What is a conifer? A conifer is defined as a plant that produces naked seeds in cones or single naked seeds. We think of conifers with cones as pine, spruce, fir, juniper, yew, and arborvitae, but there are four deciduous conifers that we can grow in our region. An evergreen that loses its leaves, you say? No, a conifer that loses its leaves. During the growing season, three of these species look like evergreens, but have great fall color to show when the weather turns cooler.
Baldcypress (Taxodium distichum) is probably the most well-known deciduous conifer; it can be seen along roadsides and waterways, in backyards and streetscapes. This large tree is great for shade and wildlife. It can grow in low oxygen soils, such as rivers and lakes, or downtown in cities where there is poor root spread and heavy soils. It is adaptable to drought conditions but grows best near water. When it is growing in a lake or pond, it will send up “knees” which are roots that grow up above the water to collect oxygen from the air. Native baldcypress may grow as tall as 120 feet and as wide as 80 feet, but smaller cultivars are known. Pendula is a weeping form of baldcypress, great for a focal point in a garden.
The maidenhair tree or Ginkgo (Ginkgo biloba) comes from China and has said to have been around when dinosaurs roamed the earth. Most people who know of ginkgos do not realize these are conifers, but just like pines they produce their seeds in cones. Ginkgo trees adapt to a wide range of soils and conditions, but are slow to root into the ground, and may need staked for two or three years before they take off and grow. The leaves are fan shaped, with no branching veins. Fall color is a brilliant yellow, comparable to cottonwood. Ginkgos have both a male and a female tree, and the females produce cones with an outer jelly-like coating, which has been likened to the smell of rotting meat. Most homeowners and commercial landscapers prefer to plant males, but if you are planting a seedling, it may be fifty years before you see fruit! This is another large tree; it can grow to 100 feet tall and 80 feet wide.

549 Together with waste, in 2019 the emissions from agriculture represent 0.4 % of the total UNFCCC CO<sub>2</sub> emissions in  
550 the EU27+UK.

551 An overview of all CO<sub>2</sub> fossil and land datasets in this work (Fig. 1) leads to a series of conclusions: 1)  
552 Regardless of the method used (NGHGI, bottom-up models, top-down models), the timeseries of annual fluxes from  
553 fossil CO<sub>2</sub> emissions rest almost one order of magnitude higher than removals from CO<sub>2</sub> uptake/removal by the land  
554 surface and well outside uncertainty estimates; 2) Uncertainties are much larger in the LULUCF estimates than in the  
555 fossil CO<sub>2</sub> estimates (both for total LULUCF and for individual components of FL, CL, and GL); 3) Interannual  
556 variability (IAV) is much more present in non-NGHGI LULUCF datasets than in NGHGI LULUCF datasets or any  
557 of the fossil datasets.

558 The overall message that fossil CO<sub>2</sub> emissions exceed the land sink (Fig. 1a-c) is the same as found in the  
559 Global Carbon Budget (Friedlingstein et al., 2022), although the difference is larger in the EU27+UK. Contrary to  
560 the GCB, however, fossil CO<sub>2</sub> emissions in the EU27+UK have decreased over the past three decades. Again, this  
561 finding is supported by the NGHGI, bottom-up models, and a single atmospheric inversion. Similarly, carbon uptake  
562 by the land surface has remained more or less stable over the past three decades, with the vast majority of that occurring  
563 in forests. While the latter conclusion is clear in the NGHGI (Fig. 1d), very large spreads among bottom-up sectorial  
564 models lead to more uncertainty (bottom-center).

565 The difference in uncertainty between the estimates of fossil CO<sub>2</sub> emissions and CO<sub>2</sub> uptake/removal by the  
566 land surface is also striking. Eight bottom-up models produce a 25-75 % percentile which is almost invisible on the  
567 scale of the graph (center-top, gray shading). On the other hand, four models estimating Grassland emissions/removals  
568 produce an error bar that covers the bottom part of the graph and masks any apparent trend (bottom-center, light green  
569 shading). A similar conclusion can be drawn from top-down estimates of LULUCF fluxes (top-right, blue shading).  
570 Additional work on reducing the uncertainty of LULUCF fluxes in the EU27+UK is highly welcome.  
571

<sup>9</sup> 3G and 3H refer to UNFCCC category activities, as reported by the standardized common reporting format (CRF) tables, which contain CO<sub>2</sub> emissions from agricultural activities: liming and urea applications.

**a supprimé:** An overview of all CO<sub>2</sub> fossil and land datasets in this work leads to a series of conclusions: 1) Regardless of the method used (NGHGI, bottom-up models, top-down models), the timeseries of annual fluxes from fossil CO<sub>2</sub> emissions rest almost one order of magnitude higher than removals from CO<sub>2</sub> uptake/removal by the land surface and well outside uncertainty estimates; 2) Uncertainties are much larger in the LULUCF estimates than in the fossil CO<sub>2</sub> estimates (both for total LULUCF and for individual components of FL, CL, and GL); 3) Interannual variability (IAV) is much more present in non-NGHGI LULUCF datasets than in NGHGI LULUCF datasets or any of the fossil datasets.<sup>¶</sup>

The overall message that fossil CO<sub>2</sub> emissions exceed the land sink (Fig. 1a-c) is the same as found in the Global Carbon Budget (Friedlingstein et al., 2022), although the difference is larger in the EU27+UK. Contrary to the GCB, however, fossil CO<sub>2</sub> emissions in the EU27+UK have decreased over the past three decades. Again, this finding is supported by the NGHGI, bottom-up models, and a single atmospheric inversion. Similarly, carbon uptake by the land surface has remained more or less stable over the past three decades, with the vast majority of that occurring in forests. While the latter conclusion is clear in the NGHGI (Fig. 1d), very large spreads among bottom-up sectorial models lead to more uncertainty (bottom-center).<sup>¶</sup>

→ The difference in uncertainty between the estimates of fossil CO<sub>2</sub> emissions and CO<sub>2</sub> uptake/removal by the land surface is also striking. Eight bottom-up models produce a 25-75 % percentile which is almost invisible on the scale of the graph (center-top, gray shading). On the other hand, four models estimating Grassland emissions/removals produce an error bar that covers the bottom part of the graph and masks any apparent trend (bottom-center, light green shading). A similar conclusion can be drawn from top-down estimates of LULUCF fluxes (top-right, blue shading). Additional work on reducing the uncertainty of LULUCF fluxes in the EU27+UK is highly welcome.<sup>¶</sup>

The dawn redwood (Metasequoia glyptostroboides) is yet another large deciduous conifer for our area. The first time I saw this tree was at Michigan State University, they have a specimen over 100 feet tall. This tree has great orange fall color and looks similar to baldcypress. The growth rate is slightly slower, but they can handle a wide range of conditions and soils.
The last deciduous conifer that grows in our area is the European larch (Larix decidua). It is a tree that grows slowly, around one foot a year. It is a wonderful specimen tree with several cultivars available, including a weeping form. They like to be near the water, but are adaptable to many sites and conditions. They too have orange fall color.